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Franchising Your Mailbox Might Put The USPS Out Of Business

FreightWaves

As far as the current regulations go, only you and the U.S. Postal Service (USPS) have the authority to put mail or parcels in your mailbox. Anyone who infringes on this is quite literally committing a crime – even if it is a neighbor who is putting remainder notes into your box. The law might sound bizarre, but it goes back many years and is one of the final frontiers protecting the USPS from cascading into chaos.

Going back to the Great Depression, the Congress enacted a law that prohibited anyone but the USPS and the said customer from handling the mailbox. The law incidentally was meant to stop people from circumventing the postal service by putting mail directly into mailboxes without the buying postage stamps. Though the mailbox monopoly has been challenged multiple times, neither the government nor the Supreme Court has shown any inclination in amending it.

Nonetheless, the debate over the mailbox monopoly is far from over. A White House task force stated last December about the need for USPS to explore the option of franchising the mailbox to prop up its declining margins. The USPS has indeed seen some of its worst years this decade, with 2018 generating a $3.9 billion loss  – a 44 percent increase in losses compared to the previous year.

In the age of digitization, the relevance of snail mail continues to decline, and it is crucial for the USPS to look for ways it can continue to survive, especially against the onslaught of logistics majors like FedEx Corporation (NYSE: FDX), UPS (NYSE: UPS) and DHL.

USPS increased the cost of first-class stamp prices by five cents recently. Though this could help boost revenue in the short-term, the USPS must come to terms with the fact that people are sending letters and bill payments less frequently, with first-class mail volume dropping by 2.1 billion pieces in 2018.

However, franchising the mailbox might turn out to be an idea that could eventually come back to haunt USPS. Providing companies like FedEx or UPS the leverage to access personal mailboxes would allow them to deliver faster than before, as couriers would no longer need to get to the door and wait for the customer to sign for every parcel. USPS, which already has a problem keeping up with the pace of private logistics players, would be left in the lurch as regular USPS customers might also move to faster private players.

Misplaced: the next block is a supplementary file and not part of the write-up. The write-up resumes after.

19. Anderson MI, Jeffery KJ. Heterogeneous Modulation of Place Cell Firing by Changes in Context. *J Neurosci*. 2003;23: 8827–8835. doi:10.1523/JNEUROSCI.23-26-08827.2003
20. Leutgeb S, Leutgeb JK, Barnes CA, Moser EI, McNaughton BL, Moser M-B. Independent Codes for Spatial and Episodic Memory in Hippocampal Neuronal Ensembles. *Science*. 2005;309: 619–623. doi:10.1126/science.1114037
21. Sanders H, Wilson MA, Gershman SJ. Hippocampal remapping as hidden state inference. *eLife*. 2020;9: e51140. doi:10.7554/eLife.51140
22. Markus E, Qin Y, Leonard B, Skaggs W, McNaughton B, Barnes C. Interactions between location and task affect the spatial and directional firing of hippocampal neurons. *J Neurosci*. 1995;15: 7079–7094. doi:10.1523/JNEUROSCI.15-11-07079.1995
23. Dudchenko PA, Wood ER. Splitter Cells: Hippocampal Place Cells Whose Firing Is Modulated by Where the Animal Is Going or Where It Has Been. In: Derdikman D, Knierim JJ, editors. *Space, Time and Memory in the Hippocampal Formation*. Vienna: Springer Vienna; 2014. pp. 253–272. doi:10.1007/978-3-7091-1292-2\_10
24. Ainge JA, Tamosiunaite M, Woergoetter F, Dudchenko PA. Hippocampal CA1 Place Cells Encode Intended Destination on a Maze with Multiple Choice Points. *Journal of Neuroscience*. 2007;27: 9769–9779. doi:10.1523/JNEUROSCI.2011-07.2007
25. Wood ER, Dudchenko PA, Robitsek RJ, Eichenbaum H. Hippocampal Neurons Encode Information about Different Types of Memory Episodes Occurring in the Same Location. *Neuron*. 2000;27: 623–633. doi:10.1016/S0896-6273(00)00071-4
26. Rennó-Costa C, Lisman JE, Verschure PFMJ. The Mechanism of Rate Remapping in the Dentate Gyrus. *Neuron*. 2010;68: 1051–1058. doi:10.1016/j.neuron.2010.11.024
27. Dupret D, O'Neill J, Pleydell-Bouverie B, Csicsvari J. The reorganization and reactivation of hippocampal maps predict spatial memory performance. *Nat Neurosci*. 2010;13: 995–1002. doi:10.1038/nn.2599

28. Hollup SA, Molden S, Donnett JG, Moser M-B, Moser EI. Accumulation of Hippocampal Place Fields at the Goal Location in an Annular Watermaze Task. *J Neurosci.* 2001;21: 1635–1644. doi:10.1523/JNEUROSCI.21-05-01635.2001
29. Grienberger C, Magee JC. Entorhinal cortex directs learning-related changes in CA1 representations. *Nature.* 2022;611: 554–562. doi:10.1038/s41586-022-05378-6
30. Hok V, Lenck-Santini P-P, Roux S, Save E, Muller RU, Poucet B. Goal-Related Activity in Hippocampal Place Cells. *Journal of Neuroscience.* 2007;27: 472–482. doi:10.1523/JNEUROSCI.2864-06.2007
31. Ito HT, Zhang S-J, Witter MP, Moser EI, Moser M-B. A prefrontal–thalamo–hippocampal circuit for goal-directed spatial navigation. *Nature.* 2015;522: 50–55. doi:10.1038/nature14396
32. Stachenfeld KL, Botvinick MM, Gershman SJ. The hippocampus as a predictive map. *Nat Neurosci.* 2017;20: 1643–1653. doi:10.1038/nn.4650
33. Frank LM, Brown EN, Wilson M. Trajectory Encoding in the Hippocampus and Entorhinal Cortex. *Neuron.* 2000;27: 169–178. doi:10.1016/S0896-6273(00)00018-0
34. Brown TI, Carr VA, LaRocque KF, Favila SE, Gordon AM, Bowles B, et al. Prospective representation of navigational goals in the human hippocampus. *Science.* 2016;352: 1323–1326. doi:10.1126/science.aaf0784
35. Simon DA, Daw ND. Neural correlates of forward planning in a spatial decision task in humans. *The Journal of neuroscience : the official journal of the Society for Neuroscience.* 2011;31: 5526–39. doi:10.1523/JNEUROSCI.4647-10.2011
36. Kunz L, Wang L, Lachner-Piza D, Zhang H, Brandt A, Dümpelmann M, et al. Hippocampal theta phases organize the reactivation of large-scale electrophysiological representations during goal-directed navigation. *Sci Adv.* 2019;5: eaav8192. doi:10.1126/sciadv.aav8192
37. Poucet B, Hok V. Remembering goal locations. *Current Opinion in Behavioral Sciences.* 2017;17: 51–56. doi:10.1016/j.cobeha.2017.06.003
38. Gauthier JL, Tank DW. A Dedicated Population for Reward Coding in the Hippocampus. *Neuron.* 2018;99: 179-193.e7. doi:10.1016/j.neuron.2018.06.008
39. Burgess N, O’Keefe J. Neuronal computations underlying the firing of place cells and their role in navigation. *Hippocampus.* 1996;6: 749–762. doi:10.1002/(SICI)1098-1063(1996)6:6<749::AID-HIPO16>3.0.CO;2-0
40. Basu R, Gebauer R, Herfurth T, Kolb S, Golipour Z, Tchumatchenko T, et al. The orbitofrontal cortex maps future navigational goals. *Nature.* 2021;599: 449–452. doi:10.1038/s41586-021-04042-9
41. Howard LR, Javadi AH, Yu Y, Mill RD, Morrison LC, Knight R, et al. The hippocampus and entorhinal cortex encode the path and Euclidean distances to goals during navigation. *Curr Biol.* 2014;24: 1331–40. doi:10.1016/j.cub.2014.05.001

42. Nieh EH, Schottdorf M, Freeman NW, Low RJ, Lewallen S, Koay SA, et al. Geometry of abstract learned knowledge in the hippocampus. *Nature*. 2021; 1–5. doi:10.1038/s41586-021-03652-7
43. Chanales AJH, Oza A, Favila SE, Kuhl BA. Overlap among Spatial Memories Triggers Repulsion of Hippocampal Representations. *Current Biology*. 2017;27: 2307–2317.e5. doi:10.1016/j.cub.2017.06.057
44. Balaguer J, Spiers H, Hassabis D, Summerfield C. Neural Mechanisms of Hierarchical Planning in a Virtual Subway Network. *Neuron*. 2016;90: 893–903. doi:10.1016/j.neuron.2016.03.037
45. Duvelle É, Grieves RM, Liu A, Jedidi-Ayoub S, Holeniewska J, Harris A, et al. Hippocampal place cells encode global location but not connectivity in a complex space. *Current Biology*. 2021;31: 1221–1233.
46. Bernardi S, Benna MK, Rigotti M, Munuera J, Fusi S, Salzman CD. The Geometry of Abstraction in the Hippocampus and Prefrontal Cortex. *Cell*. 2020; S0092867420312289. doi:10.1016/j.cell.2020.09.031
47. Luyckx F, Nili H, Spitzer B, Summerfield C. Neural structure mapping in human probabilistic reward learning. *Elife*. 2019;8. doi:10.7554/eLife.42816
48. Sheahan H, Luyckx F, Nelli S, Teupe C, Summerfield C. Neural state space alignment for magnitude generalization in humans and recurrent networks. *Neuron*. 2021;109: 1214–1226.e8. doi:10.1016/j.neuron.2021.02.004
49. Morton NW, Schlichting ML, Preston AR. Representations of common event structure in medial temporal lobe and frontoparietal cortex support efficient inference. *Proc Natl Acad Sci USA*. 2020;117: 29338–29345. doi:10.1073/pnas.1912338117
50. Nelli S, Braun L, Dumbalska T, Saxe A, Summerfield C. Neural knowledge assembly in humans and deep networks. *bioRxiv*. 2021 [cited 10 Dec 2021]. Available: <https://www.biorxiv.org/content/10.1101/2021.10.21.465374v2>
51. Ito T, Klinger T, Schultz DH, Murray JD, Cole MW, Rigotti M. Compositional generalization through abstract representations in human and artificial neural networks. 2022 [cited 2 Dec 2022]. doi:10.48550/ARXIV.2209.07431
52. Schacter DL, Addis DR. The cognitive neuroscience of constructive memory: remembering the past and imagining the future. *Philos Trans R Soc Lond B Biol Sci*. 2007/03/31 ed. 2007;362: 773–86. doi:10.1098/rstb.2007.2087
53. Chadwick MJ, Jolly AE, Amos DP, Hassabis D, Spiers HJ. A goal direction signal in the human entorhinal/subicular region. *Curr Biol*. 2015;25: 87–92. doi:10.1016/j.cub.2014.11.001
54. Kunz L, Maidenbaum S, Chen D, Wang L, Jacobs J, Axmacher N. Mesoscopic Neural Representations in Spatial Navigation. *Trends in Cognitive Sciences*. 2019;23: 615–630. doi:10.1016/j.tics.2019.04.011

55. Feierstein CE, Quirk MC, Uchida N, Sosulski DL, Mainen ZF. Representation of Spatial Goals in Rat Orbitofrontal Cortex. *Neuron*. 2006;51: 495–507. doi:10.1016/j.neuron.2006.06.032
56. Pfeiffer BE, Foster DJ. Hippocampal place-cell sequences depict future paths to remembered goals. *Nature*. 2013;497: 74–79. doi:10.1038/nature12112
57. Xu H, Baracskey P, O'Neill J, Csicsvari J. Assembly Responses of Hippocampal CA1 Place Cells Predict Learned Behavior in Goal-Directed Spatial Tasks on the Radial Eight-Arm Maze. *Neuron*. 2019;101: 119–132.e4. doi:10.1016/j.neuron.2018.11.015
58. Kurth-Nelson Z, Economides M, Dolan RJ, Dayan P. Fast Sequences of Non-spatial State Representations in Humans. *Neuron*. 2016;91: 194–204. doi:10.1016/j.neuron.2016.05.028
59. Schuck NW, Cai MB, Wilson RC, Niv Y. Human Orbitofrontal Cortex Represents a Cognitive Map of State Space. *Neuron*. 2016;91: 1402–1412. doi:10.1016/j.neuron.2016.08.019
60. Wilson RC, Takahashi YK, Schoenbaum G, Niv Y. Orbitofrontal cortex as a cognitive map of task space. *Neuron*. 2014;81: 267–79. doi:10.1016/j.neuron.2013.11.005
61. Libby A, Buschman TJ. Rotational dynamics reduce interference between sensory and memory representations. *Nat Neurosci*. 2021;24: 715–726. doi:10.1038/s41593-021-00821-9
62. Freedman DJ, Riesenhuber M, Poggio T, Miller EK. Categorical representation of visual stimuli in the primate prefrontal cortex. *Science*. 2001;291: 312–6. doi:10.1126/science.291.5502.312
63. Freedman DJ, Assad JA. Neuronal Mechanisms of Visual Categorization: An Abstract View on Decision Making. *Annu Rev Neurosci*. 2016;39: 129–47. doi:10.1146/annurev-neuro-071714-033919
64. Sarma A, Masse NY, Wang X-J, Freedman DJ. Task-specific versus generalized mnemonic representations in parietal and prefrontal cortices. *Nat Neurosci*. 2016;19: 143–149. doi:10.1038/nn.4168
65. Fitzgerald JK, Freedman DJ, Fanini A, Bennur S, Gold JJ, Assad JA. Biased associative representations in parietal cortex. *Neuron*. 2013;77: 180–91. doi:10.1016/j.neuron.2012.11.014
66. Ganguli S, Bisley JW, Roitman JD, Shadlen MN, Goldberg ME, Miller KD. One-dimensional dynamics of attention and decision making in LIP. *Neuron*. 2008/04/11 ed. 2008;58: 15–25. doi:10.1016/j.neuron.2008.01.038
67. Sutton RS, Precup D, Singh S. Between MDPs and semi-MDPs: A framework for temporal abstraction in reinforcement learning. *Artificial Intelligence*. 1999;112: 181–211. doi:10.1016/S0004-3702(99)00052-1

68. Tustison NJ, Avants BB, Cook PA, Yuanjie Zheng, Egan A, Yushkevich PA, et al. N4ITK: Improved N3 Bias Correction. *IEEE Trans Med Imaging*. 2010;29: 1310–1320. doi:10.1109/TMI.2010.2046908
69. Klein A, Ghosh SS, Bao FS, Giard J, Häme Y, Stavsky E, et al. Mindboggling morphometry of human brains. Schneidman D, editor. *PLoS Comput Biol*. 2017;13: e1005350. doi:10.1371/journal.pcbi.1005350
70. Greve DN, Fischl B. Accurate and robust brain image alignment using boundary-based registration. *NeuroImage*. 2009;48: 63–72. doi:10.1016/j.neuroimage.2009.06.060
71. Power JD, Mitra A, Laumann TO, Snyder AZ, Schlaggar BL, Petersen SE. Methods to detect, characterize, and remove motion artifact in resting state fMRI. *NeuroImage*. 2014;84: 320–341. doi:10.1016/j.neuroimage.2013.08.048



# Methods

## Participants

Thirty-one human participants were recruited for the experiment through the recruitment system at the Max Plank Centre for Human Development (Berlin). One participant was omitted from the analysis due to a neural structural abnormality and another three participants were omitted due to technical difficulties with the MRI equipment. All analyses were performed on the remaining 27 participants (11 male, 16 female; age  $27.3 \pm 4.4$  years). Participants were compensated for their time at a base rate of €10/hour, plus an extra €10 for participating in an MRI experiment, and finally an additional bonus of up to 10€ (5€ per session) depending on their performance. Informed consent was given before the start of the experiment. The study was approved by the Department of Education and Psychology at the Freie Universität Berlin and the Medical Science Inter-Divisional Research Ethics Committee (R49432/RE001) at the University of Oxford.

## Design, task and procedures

The real issue though, is with the people who live in rural or hard to reach locations, like the remotest parts of Alaska for instance. Many villages there hardly account for a couple of hundred people and delivering to such locations would need logistics services to charter flights to hand over a few parcels. Being a quasi-government monopoly, the USPS does this, as it is obligated to serve the interests of every single U.S. citizen.

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When faced with such a scenario, most of the private players would possibly refuse to deliver to rural and sparsely populated areas because it would hit their bottom lines, with the exorbitant delivery costs not measuring up to the revenue they can generate. If the mailboxes do get franchised and the fate of the USPS is further endangered, we might need to contend with a reality where some people might lose their only connection to the outside world.

The essence of the U.S. Postal Service is not in its efficiency, but rather in its widespread connectivity and the extent to which it goes to provide mail service for every person in the country. Asking that of the private logistics players is inane, as they exist to make money for their shareholders and to deploy their infrastructure in places where they cannot show a profit is not an exercise worth their time. In fact, most of the private players pay the USPS to haul their parcels to the remote locations rather than doing it themselves.

Instead of mulling over franchising mailboxes, it might serve the USPS better if it looks to expand its financial services like money orders, international money transfers and bill payments. As an organization that people trust, such actions might prove beneficial to the institution.  

Congress could also look to amend the Postal Accountability and Enhancement Act (PAEA) of 2006, which requires the USPS to pre-fund its retiree healthcare benefits. This necessitates the USPS to save up money over the course of an employee's career and provide him/her with full benefits at retirement. Though this does sound promising, members of the postal workers union believe that this has created a fiscal problem, as the law warrants the USPS to fund retirement obligations of potential future employees  – not a favorable position to be in for a cash-strapped institution.

To undo the financial mess the USPS finds itself in, the Trump administration should take concrete steps to solve such issues and increase revenue by expanding on financial services. That said, it certainly must not blame Amazon.com, Inc. (NASDAQ: AMZN) for USPS' woes  – as on the contrary, companies like Amazon accounted for $7 billion out of USPS' $19.5 billion parcel revenue. Amazon ships 40 percent of its packages in the U.S. through USPS, and as the PAEA act makes it illegal for USPS to price parcel delivery below its cost, its deal with Amazon is at least breaking-even if not turning in a profit.

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